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We estimated the accuracy of our algorithm by using a two-channel image sequence acquired on a fast confocal microscope. In this sequence, YFP fluorescence light (FL) and transmitted light (TL) were acquired simultaneously, providing a ground truth for evaluating synchronization accuracy. We first selected a one-heartbeat long sequence with arbitrary starting point from the TL channel as well as a longer sequence in the fluorescence channel that contained the sequence corresponding to the TL subset (Fig. 4a). Our registration algorithm lead to exact synchronization (Fig. 4b and Movie 4). To verify that our algorithm gives accurate results even when registering sequences from different heartbeats (which is the case for sequential acquisition), we extracted frames covering a full heartbeat in both the TL and FL channels (acting as reference sequences), as well as frames in the TL and FL channels covering two periods of subsequent heartbeats and acting as test sequences (Fig. 4c and Movie 4). The TL and FL reference sequences were then matched to the TL or FL test sequences, respectively. When compared with the registered TL-TL sequence, the registered FL-TL and TL-FL sequences were delayed or advanced by a half frame, respectively, and the FL-FL synchronization timestamps were identical to those resulting from the TL-TL synchronization (Fig. 4d and Movie 4). Taken together, these results suggest that inter- and intramodal synchronizations yield results consistent and accurate, with only 0.5 frames discrepancy.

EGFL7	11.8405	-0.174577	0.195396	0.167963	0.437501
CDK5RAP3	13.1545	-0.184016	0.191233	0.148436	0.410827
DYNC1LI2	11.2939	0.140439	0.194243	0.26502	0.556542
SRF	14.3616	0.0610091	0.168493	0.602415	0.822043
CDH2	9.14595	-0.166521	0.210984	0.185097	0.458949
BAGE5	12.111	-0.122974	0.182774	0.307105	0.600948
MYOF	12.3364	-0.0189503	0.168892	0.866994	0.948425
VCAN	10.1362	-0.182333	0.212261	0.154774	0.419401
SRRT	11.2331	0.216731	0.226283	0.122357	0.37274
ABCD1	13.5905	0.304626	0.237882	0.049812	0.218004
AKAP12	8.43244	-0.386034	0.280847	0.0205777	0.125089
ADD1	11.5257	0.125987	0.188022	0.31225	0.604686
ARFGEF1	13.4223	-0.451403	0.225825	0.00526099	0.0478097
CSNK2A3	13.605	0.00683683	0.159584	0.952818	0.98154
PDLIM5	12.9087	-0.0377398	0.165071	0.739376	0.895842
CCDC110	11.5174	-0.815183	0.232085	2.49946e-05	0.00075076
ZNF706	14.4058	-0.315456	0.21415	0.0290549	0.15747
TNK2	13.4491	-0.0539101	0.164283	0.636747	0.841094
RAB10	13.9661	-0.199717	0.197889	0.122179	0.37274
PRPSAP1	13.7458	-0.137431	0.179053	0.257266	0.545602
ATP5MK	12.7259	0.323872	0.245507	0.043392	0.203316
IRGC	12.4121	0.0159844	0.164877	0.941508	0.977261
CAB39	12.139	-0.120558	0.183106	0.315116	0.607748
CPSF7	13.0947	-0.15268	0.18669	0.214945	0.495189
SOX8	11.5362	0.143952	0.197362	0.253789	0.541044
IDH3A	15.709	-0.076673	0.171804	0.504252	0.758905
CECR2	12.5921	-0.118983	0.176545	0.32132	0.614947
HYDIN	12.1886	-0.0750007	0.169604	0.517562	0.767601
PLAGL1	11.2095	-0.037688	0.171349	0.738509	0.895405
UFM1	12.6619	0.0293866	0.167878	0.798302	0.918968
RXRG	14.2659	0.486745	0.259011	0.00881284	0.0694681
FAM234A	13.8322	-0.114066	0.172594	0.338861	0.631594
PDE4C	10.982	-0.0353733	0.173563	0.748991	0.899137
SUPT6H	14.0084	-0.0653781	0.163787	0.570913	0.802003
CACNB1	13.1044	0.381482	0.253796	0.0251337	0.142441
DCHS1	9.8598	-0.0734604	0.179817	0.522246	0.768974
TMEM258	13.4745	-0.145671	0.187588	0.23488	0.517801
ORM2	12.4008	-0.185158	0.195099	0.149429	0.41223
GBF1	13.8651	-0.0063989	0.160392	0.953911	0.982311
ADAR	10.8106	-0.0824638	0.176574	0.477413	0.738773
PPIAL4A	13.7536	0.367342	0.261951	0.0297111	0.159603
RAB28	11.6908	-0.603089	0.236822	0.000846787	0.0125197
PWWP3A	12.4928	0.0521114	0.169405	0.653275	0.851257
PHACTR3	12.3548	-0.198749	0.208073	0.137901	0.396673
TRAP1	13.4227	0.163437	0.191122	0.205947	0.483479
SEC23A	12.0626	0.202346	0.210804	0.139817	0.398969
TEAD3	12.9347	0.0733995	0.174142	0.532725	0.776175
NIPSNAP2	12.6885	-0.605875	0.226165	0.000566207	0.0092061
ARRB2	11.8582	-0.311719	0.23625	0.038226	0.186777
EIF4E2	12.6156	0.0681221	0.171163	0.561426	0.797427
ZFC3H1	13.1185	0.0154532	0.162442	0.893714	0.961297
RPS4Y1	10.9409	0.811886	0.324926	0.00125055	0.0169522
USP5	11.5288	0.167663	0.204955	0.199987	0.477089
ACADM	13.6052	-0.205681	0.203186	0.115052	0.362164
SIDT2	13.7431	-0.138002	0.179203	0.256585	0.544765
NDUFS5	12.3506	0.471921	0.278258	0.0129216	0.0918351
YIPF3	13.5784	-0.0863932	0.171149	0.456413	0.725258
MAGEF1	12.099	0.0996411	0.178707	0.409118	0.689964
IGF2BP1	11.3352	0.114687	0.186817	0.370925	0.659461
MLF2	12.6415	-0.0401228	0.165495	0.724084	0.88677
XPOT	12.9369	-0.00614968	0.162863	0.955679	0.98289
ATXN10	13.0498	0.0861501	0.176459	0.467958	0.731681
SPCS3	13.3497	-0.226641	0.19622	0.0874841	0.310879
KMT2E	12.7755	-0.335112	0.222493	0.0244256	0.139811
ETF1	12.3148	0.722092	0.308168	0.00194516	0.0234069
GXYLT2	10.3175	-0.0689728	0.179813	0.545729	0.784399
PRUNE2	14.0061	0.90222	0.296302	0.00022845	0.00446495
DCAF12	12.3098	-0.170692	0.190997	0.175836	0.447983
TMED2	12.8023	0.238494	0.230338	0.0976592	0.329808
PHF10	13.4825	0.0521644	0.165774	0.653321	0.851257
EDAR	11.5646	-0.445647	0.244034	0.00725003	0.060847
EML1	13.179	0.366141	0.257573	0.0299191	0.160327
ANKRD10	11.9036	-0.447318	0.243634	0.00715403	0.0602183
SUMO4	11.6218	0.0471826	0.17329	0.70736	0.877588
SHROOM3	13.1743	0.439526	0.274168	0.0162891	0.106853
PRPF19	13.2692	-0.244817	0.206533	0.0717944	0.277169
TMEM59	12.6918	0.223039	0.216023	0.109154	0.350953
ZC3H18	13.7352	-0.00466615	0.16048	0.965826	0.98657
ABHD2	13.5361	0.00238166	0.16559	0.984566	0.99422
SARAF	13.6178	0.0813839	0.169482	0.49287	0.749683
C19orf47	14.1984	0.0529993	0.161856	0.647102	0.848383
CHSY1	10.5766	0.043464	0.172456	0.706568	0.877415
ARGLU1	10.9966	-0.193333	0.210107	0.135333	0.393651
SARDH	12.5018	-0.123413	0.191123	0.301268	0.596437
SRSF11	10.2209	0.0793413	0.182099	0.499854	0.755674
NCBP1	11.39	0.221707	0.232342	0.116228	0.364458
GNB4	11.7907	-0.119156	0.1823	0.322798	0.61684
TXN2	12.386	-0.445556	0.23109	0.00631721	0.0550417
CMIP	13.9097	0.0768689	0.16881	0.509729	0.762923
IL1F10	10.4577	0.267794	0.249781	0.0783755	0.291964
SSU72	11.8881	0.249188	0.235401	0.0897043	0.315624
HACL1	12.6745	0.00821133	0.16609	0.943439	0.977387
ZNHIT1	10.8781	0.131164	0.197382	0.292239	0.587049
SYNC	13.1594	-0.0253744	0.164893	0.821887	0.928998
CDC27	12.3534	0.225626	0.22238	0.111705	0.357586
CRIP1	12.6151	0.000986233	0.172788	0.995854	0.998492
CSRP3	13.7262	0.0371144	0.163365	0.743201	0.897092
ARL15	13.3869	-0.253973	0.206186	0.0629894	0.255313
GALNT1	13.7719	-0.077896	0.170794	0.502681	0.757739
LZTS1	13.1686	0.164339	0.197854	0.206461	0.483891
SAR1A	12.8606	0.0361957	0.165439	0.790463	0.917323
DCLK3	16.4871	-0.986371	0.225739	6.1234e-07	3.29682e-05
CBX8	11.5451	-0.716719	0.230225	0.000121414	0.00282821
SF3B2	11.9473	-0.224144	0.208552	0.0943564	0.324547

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Figure 4. Validation procedure for multimodal synchronization of microscopy images. (a) Synchronously acquired transmission and fluorescence channels. (b) A reference sequence A and a test sequence B are extracted; synchronization matches reference sequence A to its correct temporal position by maximizing mutual information with sequence B. (c) two reference sequences, C and E, and two test sequences, D and F are extracted from the synchronously acquired data; (d) intramodal and intermodal synchronization of the reference sequences to the test sequences yield consistent (within 0.5 frames) synchronization to a subsequent cardiac cycle in the test sequences. See also Movie 4.